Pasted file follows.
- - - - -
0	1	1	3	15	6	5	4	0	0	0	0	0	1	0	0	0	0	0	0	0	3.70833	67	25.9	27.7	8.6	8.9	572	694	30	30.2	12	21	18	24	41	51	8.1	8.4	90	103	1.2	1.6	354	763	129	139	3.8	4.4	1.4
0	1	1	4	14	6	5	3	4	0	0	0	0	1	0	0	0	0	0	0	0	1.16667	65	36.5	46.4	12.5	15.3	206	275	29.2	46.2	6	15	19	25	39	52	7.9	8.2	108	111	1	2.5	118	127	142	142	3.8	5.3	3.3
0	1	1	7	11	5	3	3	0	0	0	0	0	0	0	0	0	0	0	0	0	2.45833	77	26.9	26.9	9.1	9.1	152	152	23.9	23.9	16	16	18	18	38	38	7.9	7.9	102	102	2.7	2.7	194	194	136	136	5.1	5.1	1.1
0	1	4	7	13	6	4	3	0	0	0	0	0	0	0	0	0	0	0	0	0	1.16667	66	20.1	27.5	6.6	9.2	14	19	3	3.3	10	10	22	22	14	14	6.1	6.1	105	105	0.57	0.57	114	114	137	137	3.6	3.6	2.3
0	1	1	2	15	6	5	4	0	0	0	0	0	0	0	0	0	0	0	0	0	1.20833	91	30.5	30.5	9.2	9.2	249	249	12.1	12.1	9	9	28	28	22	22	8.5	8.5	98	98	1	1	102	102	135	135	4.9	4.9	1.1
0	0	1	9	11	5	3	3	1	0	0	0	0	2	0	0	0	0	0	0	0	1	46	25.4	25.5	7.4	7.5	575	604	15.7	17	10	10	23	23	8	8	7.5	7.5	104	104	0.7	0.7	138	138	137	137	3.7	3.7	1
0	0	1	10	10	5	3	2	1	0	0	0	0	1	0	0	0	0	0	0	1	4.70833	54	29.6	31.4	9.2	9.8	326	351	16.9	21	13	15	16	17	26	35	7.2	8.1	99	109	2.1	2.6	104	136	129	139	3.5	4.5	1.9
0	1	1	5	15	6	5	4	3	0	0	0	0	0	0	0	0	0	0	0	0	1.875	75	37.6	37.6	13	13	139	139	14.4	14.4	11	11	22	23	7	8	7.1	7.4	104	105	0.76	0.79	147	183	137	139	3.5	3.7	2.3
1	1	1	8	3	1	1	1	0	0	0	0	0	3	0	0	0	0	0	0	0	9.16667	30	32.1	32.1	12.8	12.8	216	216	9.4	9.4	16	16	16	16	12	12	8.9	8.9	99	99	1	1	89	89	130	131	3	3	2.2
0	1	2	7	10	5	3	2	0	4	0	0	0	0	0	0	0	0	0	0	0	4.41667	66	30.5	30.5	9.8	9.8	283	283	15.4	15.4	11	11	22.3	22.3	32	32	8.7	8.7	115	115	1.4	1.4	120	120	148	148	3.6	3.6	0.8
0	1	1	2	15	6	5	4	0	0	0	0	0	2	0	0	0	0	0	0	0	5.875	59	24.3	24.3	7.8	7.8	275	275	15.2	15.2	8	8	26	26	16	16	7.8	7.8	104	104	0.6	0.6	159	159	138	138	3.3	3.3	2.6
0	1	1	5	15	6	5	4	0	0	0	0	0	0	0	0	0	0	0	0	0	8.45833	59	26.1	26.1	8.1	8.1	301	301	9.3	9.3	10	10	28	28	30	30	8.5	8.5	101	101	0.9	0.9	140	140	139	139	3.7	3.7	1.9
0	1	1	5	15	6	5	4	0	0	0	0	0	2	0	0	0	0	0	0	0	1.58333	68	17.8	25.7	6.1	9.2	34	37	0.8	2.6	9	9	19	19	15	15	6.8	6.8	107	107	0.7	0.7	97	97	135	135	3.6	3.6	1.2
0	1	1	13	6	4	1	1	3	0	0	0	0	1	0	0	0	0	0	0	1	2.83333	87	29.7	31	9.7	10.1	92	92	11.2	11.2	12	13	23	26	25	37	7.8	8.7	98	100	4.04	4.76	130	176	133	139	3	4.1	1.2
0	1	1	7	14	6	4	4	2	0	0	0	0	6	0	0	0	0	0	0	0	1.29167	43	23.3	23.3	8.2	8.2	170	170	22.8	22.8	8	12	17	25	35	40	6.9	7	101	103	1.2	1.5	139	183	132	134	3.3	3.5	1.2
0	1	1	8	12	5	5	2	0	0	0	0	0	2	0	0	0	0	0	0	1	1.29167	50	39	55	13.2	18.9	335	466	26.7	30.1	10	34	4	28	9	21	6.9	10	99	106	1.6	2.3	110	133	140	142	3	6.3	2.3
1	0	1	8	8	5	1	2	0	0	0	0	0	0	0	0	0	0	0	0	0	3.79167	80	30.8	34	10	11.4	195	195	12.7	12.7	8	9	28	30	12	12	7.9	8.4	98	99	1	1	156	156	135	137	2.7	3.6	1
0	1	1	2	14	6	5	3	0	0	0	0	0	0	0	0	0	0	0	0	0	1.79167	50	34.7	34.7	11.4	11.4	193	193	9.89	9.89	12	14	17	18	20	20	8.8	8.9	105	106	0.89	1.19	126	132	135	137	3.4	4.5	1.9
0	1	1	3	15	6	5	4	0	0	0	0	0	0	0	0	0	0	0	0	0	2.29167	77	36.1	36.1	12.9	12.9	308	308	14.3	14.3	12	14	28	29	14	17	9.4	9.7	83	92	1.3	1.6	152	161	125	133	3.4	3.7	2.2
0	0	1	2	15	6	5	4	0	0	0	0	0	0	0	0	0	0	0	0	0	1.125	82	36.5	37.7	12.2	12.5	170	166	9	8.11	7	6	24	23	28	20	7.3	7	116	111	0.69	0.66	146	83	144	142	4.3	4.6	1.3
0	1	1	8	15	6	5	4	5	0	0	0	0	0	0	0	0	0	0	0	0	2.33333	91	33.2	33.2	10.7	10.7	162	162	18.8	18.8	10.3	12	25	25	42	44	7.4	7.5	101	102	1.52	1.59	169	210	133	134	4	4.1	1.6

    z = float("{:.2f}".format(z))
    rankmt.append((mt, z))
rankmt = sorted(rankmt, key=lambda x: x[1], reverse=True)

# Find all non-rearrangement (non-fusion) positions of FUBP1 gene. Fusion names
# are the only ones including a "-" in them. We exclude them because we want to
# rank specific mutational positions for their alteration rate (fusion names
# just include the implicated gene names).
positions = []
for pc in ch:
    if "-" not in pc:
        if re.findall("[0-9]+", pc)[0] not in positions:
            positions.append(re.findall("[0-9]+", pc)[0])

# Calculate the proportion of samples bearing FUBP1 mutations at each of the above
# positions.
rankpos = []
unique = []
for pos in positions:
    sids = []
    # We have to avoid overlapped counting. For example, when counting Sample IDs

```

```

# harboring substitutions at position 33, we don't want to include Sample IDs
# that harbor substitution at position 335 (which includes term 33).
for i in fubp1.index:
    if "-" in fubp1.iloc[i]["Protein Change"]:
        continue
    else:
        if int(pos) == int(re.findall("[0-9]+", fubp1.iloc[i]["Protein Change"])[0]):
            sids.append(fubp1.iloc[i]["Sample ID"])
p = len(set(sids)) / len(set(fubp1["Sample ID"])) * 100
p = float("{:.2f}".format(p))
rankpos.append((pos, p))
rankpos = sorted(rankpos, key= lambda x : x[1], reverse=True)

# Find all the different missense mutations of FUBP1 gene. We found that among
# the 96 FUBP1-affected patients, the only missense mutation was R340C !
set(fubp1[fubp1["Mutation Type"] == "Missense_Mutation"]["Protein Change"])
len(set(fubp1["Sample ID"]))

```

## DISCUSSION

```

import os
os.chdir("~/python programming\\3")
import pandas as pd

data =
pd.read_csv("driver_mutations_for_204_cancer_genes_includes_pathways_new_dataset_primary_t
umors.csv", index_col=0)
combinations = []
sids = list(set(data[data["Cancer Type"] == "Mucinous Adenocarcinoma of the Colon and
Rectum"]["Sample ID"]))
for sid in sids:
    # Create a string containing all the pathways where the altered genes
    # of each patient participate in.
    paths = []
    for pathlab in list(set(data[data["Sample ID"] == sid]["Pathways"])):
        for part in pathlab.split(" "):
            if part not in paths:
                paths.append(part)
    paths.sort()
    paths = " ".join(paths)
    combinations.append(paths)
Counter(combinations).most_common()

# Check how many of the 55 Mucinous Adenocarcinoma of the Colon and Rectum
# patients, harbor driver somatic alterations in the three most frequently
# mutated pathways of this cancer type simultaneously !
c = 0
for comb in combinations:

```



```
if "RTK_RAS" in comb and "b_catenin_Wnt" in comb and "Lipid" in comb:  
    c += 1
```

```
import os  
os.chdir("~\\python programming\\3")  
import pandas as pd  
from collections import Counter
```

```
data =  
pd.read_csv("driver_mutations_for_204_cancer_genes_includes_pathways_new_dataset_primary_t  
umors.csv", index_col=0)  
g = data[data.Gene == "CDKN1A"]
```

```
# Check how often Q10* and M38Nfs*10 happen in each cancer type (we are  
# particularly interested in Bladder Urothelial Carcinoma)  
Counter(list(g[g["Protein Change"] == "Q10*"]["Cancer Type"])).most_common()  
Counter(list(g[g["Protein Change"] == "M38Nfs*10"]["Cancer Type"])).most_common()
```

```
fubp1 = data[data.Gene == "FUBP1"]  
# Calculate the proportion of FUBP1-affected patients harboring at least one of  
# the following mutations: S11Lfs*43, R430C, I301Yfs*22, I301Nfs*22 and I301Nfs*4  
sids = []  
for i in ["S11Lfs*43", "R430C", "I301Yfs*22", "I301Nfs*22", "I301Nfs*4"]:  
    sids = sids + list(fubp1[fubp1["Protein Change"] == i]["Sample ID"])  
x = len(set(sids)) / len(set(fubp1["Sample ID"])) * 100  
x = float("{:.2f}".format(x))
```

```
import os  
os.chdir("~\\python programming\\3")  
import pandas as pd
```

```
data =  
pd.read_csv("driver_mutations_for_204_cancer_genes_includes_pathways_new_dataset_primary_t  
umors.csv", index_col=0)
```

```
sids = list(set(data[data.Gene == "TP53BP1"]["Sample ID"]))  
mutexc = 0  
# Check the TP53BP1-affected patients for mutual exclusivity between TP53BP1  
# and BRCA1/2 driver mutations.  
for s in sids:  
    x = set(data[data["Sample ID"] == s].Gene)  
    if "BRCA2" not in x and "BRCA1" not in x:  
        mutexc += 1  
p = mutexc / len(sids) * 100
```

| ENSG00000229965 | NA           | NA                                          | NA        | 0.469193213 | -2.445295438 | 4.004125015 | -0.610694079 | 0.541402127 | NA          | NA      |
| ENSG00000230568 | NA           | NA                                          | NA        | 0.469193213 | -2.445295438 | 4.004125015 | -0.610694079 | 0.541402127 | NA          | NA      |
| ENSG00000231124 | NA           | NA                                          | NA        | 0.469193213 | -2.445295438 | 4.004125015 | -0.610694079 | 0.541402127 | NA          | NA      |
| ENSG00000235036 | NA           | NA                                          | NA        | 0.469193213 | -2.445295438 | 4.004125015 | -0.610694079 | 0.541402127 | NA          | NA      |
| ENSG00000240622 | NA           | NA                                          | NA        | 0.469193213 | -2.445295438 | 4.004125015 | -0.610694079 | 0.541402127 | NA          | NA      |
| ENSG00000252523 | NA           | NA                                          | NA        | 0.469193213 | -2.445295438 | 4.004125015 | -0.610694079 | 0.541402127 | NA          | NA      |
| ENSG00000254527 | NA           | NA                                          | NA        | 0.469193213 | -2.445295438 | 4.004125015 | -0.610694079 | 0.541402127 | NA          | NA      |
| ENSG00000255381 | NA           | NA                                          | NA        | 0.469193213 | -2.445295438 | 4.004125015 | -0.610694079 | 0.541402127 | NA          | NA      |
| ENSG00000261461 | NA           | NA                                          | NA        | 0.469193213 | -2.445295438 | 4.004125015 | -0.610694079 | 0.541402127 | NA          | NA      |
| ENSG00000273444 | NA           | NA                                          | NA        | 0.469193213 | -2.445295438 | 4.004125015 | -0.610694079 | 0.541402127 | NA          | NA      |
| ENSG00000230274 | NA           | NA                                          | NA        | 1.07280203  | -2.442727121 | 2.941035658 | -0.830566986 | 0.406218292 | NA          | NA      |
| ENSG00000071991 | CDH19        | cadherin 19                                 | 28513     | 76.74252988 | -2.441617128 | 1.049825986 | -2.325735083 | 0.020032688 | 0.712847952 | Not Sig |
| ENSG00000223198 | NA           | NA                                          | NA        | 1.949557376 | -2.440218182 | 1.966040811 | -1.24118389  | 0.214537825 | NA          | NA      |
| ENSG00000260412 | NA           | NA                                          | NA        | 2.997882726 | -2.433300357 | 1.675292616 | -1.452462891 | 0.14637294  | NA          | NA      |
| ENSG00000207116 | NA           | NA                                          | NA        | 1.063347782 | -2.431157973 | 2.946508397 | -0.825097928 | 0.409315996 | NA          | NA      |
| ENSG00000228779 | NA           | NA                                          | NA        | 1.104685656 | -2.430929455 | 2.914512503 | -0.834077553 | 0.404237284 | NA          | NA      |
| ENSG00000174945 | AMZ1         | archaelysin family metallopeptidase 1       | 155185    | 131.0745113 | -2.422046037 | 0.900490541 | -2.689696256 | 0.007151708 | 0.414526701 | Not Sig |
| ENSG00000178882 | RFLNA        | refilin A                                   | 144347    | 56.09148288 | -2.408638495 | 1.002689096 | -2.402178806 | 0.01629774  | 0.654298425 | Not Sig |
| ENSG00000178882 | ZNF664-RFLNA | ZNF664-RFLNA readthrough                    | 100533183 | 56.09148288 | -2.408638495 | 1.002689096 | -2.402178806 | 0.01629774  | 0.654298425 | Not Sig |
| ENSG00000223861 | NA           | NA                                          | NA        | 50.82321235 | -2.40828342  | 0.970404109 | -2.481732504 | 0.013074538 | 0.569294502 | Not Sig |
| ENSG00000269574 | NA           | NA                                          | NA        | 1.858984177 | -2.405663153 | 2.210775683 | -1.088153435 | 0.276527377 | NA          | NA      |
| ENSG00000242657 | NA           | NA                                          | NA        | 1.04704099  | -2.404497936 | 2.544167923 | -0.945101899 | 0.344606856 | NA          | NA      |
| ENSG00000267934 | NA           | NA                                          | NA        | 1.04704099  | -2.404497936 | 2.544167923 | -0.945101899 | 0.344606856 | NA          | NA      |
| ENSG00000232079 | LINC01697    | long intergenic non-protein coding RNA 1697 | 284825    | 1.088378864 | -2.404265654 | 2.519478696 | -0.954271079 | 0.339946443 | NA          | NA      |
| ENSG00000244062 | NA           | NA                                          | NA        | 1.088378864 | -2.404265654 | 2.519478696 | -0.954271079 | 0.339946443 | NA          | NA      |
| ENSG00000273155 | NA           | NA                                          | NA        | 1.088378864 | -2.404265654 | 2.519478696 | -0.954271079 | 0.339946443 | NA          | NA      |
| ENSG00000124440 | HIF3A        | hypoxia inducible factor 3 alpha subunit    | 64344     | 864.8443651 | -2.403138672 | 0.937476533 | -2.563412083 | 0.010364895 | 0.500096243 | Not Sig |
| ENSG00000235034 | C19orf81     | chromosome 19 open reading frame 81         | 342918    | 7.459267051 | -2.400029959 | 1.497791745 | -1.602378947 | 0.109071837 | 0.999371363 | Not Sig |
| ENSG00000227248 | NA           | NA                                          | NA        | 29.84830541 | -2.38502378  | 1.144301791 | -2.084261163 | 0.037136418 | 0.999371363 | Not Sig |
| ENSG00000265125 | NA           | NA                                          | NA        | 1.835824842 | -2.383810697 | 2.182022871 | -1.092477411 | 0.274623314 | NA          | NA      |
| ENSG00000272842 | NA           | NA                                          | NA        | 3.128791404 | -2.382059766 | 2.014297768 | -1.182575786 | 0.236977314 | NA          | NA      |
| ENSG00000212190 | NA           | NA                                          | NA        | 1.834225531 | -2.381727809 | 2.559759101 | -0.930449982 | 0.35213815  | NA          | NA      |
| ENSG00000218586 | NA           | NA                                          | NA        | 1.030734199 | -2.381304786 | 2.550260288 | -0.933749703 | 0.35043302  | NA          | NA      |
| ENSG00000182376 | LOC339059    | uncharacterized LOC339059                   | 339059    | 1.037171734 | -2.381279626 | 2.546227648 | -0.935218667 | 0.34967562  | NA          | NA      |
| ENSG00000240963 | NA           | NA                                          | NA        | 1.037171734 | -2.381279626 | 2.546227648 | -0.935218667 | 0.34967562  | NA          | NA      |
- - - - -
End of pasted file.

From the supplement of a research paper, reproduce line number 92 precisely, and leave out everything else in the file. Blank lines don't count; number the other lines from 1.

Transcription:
```